A Reflection on Taking AP US and AP European History during my Junior Year by Sam Thompson

I was told that I was crazy for trying to take both AP US History and AP European History in the same year, if not for the reading load then for willingly spending over seven hours a week in Carson’s classroom. Well, you know how that goes, tell a stubborn teenager she can’t do something and it goes to the top of the “To Do” list. I had to fight parents and endure lectures on why this wasn’t in my best interest, all of which simply convinced me this was the best course of action. In the end, even though they had their hearts in the right place, all the drama was pointless, because, to be honest, it wasn’t that hard. Fear washed over me as I sat in that very first B3 class waiting for everyone to arrive. I had no doubt that I was awaiting the chopping block and spent my first Euro class in state of numb fright. Looking back, I have only a vague idea of what was so paralyzing, something to do with insecurity and inadequacy. People telling me that they had expected me to jump in and dominate the conversation only made it worse; expectation dumped itself on the general junior year freak out. What no one knew was this was the reason I sat in Euro class that year, not waiting until the traditional senior year to take it with my friends. I saw comfort as the enemy, for that’s what I had in every other class. That sort of placating feeling of having a niche in your classes, knowing exactly where you stand all day every day, does nothing but weaken you.

I needed to put myself in a place that tested who I was and what I could do up against some of the most intimidating people in the school. By the end of the year, no, I wasn’t completely secure there, but I was a lot more confident for the journey. Moreover, the class was just plain fun. It was a sort of safe haven against the day to day you can get caught up in going to a small school and seeing the same faces in nearly all your classes. The reading was more sophisticated than APUSH, but it wasn’t heavy and I never felt overwhelmed because of it. The only times I ever had to stay up late or push myself were exam weeks; even papers, which ended up being few and far between, didn’t put much of a strain on me. APUSH couldn’t have been more different from Euro from the very beginning. Everything from the environment to the way I approached it came from an entirely different place. I’ve been given a lot of flack over the last year for reading Pageant over the summer, but here’s how it really happened. I was looking through the book in the beginning of summer and thought why not see how chapter one is.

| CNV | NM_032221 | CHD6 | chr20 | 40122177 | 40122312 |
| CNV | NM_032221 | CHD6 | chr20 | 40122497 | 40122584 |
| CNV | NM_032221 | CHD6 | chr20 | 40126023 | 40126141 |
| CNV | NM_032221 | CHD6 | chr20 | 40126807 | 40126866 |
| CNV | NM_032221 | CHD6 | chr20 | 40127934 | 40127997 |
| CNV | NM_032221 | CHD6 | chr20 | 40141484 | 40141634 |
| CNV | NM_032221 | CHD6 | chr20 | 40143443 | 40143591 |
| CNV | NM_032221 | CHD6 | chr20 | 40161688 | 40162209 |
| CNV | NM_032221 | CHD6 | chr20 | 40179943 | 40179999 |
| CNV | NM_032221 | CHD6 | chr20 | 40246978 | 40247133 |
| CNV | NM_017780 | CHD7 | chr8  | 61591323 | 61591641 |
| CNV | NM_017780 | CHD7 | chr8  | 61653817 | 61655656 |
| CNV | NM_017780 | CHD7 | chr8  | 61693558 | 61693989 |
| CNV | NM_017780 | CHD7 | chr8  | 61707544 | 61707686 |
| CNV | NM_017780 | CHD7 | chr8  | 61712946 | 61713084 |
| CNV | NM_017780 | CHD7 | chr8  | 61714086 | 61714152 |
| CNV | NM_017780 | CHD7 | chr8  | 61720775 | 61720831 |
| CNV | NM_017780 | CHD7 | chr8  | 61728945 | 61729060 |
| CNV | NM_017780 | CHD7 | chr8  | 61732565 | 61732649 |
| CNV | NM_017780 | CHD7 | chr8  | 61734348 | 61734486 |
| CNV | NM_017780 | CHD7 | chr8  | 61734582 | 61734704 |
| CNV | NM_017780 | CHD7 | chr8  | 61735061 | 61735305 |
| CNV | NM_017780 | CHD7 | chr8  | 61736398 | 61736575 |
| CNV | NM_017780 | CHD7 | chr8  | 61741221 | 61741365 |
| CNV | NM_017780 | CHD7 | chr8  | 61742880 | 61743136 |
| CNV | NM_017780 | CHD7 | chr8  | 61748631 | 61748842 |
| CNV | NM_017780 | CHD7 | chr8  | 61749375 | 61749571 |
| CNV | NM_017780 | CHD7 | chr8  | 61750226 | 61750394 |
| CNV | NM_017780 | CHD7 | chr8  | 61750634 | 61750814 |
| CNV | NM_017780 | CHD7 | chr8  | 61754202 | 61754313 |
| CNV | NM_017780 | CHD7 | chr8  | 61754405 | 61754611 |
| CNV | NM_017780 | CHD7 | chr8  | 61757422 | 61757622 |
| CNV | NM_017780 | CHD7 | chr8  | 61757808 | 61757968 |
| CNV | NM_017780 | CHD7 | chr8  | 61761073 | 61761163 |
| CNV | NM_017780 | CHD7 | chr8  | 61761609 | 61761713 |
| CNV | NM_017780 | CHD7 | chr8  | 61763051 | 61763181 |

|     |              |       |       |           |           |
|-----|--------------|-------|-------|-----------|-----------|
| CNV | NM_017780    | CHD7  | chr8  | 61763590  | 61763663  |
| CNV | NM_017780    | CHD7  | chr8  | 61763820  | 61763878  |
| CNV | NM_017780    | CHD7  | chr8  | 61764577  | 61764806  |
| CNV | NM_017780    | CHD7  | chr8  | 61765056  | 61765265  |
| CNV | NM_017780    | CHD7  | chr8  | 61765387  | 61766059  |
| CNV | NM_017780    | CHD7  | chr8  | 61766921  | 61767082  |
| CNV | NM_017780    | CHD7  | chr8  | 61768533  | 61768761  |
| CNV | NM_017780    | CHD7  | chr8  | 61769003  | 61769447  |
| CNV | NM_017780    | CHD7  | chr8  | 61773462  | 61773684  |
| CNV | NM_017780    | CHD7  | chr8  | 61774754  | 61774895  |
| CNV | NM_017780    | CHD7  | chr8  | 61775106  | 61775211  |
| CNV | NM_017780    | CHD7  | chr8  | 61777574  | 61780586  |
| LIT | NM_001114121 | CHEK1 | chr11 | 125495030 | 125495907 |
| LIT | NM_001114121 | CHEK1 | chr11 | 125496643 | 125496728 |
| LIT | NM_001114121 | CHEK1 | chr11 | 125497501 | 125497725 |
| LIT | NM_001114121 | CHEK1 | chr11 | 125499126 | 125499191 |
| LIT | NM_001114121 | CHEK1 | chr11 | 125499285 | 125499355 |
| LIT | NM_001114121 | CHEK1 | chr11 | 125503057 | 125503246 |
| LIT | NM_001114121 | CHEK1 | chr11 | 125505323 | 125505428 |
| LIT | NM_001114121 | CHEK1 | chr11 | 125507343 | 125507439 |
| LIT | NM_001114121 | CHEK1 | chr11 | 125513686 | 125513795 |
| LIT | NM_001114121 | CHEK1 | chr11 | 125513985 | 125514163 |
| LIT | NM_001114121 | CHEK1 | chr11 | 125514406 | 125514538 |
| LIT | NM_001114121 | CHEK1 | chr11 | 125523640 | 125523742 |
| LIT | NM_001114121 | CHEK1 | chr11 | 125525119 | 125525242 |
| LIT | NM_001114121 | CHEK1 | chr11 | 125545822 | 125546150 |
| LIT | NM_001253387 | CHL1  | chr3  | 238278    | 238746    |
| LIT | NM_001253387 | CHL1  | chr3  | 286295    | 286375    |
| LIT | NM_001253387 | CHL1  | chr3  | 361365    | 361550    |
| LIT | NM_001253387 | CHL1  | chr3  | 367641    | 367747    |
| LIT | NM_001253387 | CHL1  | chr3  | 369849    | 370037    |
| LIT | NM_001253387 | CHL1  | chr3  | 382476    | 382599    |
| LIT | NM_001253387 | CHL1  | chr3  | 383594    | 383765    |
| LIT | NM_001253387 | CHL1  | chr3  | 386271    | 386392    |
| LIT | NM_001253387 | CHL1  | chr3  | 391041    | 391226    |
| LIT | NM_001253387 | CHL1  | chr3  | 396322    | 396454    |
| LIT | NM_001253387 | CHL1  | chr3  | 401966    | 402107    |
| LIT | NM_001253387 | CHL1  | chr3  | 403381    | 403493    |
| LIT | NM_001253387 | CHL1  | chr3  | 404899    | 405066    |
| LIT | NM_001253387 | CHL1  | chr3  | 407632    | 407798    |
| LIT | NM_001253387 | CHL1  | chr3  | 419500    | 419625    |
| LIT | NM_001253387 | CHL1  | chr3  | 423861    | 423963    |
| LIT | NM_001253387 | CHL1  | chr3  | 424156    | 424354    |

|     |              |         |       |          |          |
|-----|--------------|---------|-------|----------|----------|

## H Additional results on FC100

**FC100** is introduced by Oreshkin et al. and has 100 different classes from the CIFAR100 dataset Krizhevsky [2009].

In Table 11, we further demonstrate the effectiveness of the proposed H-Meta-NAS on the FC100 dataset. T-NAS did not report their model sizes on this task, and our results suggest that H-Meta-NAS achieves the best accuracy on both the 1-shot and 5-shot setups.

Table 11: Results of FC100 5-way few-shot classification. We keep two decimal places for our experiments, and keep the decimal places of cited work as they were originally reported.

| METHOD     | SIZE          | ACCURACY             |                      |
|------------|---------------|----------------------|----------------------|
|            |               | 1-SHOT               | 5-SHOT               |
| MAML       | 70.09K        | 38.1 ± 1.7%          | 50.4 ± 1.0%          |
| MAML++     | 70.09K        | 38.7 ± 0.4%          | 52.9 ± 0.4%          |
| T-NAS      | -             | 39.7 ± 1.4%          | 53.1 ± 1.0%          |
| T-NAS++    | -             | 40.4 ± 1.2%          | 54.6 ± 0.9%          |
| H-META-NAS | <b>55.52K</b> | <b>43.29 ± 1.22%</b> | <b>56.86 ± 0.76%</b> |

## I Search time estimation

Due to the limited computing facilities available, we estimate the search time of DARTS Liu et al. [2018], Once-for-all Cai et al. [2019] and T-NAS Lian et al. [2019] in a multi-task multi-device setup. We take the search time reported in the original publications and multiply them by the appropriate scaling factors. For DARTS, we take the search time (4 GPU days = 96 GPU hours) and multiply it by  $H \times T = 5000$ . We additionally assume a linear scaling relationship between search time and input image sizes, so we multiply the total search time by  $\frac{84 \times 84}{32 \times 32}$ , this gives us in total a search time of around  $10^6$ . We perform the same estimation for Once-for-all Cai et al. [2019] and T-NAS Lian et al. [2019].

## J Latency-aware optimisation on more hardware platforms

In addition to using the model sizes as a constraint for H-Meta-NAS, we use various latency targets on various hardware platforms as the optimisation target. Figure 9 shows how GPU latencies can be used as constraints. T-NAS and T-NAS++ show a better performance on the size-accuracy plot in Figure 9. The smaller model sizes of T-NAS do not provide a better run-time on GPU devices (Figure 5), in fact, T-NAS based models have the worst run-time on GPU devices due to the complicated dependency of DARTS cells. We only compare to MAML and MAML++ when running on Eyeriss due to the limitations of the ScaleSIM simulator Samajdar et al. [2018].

After that I let myself be driven by this voice in the back of my head telling me WHAP was a fluke and I would get steamrolled junior year. Compound that with a bored sixteen year old who refused to get a job and you have the equation for reading Pageant over the summer. Overall, APUSH was just an easier class. Carson will try and tell you that it has more pages of reading blah blah blah…but ignore that, the font is huge, there are many large pictures, and the writing is for fourth graders. But the principal difference in the two courses are the tests, APUSH’s were just ridiculous. So maybe I should have paid more attention, studied for tests, and generally just taken the course more seriously, but it’s hard to force yourself to do it when you know the curve is so generous. Aside from the courses Carson made it ok to come to history everyday. Granted, he tells the same lame jokes repeatedly (ask anyone who has had him and they can list the about four jokes he tells all the time), can be oblivious, and a tad dull some days when you aren’t in the learning mode, but he’s a step up from a lot of teachers. He’s always there, willing to help, and will put up with a lot of crap. There are reasons that I regret taking both classes last year, but they don’t come close to outweighing everything I learned because of it. I met new people, got new perspectives, and occasionally even challenged myself. I could have done without the eight or so hours of AP testing that day, but even that wasn’t as bad as expected (sugar and adrenalin can do wonders when compounded). I wanted to know if I could do it and found out you can’t listen to advice from people who don’t know what they are talking about. It obviously isn’t the path for most, but for me, it was the only way that made sense.

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2 thoughts on “A Reflection on Taking AP US and AP European History during my Junior Year by Sam Thompson

  1. I teach both classes in Memphis and I can attest to one simple fact: though taking both classes in the same year is difficult, every student who has done so, as done well on both tests. Including a couple of “double 5s” lately.

  2. I’m actually doing this next year in my junior year, and literally everyone is begging me not to. But as the most enlightened people say, yolo.

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